What if aerospace engineering students could be trained on a “life-sized” aircraft model? Concordia has teamed up with Polytechnique Montréal to make this vision a reality.
The Laboratoire d’enseignement des systèmes intégrés en aérospatiale du Québec (LESIAQ) is a 10,000-square foot lab equipped with integrated test beds for a Bombardier Challenger 300 business aircraft and a test cell of a Bell 427 helicopter.
Full-scale rigs, known as “Iron Birds,” are usually only available to aircraft manufacturers. LESIAQ is one of very few facilities in North America to provide students with a chance to work in an environment that approximates industry standards.
In the classroom students learn about aircraft systems through images and diagrams. This lab lets them get their hands dirty and hit the ground running when entering employment in aerospace, she adds.
Susan Liscouet-Hanke, associate professor in the Department of Mechanical and Industrial Engineering, explains that the multidisciplinary test rigs comprise all flight control and actuation systems, hydraulic power supply networks, the cockpit (with the required control and monitoring units) and the control surfaces and support structures.
Other hydraulically actuated systems, such as the landing gear and thrust reverser, are also included.
“These systems are normally hidden under the structure and not visible. In an Iron Bird, they are all laid out exactly like in the real aircraft. It is like exposing the muscles, blood and nervous system of a body,” Liscouet-Hanke says.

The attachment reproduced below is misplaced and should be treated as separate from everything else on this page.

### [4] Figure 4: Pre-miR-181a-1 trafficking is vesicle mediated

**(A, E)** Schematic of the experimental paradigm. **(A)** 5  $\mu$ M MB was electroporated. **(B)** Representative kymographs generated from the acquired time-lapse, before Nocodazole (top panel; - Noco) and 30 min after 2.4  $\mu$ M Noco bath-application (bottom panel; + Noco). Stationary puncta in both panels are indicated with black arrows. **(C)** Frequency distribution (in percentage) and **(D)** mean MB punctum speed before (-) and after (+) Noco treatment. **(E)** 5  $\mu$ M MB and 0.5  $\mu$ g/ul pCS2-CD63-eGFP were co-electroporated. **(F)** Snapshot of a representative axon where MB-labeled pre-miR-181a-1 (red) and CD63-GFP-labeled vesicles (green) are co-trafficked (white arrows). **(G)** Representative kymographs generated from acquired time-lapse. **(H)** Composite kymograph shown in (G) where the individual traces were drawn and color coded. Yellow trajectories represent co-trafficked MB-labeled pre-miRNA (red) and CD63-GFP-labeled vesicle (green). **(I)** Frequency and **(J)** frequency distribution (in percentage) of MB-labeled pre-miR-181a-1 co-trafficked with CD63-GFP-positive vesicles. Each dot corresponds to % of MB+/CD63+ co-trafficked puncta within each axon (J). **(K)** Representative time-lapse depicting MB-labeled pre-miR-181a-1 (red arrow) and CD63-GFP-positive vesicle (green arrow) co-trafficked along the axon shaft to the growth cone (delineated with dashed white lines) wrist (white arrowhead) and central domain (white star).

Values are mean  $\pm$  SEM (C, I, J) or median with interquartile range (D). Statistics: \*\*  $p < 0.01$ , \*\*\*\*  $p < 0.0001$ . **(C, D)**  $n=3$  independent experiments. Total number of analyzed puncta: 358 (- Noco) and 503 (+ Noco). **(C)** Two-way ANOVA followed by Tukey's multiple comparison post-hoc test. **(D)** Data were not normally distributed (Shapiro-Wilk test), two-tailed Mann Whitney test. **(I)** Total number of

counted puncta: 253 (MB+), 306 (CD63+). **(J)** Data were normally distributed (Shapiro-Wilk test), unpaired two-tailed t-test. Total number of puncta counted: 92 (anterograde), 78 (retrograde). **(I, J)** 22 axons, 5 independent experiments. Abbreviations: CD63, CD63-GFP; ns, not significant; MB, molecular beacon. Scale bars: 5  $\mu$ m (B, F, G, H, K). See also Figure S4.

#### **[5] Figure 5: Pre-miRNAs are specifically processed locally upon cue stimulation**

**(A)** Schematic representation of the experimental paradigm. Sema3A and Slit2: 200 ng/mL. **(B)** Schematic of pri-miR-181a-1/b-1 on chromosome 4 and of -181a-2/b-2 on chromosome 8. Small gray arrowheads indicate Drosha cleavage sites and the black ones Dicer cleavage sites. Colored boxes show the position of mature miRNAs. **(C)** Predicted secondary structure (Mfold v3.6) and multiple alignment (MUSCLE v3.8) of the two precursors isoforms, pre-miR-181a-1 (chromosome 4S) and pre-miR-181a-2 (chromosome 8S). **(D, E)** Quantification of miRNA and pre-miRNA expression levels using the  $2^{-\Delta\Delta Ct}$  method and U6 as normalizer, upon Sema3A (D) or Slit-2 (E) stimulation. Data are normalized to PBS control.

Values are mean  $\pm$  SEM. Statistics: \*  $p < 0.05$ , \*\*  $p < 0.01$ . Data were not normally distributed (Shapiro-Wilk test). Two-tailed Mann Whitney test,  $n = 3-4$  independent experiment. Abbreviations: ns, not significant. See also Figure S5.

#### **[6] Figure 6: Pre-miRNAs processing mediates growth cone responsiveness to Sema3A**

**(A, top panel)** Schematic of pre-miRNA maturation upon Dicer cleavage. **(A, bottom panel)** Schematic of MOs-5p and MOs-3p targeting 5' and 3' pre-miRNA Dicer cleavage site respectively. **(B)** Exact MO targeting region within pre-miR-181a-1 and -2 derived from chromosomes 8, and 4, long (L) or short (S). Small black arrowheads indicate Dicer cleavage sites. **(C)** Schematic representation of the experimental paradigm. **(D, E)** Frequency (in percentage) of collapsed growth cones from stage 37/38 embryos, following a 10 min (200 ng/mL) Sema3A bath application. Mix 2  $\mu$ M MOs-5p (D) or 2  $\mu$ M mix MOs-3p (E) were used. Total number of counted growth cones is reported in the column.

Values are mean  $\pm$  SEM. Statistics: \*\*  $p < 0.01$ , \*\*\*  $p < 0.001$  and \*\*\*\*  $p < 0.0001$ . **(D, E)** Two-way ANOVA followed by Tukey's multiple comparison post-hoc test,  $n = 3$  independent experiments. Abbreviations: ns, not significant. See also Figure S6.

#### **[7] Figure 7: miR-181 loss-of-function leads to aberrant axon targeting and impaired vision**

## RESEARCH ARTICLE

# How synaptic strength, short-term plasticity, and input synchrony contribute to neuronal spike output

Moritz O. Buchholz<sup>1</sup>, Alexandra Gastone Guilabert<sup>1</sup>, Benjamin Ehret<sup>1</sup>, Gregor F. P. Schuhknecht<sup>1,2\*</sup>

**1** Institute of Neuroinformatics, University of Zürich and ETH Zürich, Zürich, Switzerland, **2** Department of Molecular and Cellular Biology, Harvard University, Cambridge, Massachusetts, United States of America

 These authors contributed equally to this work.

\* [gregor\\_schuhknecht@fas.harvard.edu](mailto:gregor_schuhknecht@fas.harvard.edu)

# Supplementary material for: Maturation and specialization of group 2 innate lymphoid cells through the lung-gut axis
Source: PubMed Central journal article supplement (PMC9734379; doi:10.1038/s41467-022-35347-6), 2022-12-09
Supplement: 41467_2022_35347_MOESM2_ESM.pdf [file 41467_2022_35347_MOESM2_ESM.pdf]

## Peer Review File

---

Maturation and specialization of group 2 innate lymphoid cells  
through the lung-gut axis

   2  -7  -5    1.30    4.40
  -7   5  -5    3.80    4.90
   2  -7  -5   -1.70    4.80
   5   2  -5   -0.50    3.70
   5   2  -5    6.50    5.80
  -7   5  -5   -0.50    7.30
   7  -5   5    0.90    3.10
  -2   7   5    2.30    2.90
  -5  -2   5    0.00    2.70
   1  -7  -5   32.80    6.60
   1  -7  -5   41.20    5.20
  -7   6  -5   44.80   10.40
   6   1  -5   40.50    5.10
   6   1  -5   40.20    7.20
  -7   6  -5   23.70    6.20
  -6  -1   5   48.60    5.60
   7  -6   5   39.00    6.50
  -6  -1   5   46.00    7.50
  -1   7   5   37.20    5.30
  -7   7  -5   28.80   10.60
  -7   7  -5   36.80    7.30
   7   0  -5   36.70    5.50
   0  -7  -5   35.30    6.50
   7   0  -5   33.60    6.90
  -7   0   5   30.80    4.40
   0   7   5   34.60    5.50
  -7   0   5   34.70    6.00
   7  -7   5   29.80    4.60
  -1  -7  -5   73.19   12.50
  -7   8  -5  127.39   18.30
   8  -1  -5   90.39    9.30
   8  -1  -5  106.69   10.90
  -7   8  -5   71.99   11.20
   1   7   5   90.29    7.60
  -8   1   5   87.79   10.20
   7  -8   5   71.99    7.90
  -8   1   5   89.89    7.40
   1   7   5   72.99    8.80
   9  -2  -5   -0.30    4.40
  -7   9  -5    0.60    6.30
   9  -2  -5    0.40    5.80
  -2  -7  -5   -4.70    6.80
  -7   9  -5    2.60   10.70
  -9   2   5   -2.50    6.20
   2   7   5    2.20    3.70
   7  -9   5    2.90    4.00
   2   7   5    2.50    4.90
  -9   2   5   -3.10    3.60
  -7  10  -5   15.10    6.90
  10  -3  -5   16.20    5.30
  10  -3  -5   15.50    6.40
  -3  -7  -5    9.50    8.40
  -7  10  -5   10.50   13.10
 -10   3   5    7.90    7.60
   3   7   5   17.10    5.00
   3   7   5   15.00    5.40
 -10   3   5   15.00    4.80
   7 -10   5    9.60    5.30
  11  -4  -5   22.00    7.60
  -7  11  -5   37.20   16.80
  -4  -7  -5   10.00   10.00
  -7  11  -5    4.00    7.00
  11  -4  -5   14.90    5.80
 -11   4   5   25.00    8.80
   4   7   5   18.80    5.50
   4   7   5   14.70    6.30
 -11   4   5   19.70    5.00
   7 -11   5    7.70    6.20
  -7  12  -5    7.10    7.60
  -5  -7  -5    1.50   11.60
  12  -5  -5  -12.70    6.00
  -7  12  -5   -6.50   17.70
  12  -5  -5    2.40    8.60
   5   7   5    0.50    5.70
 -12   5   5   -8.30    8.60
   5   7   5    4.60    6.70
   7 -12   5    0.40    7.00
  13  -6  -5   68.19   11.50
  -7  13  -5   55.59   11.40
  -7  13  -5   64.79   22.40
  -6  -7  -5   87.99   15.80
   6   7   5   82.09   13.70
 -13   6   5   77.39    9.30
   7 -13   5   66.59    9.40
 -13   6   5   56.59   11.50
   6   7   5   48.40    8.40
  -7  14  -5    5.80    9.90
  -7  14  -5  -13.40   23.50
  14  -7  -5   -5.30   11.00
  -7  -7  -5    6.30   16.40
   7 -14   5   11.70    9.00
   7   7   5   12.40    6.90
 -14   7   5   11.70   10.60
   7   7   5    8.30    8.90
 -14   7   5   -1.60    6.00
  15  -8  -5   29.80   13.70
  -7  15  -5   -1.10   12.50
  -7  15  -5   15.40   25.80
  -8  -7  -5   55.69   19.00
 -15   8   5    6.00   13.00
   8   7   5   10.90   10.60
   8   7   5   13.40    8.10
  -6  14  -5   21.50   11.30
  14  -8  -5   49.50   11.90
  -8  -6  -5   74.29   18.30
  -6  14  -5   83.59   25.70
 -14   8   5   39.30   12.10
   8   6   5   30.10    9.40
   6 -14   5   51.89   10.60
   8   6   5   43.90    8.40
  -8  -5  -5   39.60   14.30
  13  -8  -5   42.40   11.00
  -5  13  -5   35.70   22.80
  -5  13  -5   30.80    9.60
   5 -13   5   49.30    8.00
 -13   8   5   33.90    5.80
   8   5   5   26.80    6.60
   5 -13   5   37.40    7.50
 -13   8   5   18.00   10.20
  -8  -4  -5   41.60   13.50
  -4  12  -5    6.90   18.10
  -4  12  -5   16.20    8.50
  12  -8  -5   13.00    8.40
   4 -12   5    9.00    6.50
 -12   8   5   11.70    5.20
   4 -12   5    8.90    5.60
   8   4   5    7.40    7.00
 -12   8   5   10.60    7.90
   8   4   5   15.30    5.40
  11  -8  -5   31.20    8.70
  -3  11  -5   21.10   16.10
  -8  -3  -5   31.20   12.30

In essence, the lab offers a full-scale aircraft without the exterior panels, allowing students to measure and analyze how airplanes respond to commands from the cockpit or to control systems.
How the bird was built
LESIAQ is an initiative that’s been in the works for a while. In 2009, the Comité sectoriel de main-d’œuvre en aérospatiale au Québec proposed the creation of an aerospace training lab where students could receive hands-on experience in one of Quebec’s most vital industries.
By 2011, they had secured provincial government funding to move forward.
The resulting project brought together several and university, government industry partners to establish a hanger and build an Iron Bird that students could use for measuring and analyzing aircraft and flight system data.
In 2013, the École des métiers de l’aérospatiale de Montréal accepted the challenge of housing the lab, and a year later, Polytechnique Montréal began constructing the aircraft test beds, which were donated by Bombardier and Bell Helicopter Textron.
Inaugurated last month on November 18, LESIAQ will host its first group of Concordia aerospace engineering students this January.
“AERO 201 ‑ Introduction to Flight and Aerospace Systems” will be offered in the winter term and led by Liscouet-Hanke. “AERO 390 – Aerospace Engineering Design Project” will be offered in the spring term and led by Marsden.
Liscoeut-Hanke will be leading “AERO 201 ‑ Introduction to Flight and Aerospace Systems” in the winter term, which has a lab at LESIAQ and “AERO 390 – Aerospace Engineering Design Project” in the spring term, which will involve significant work in the facility.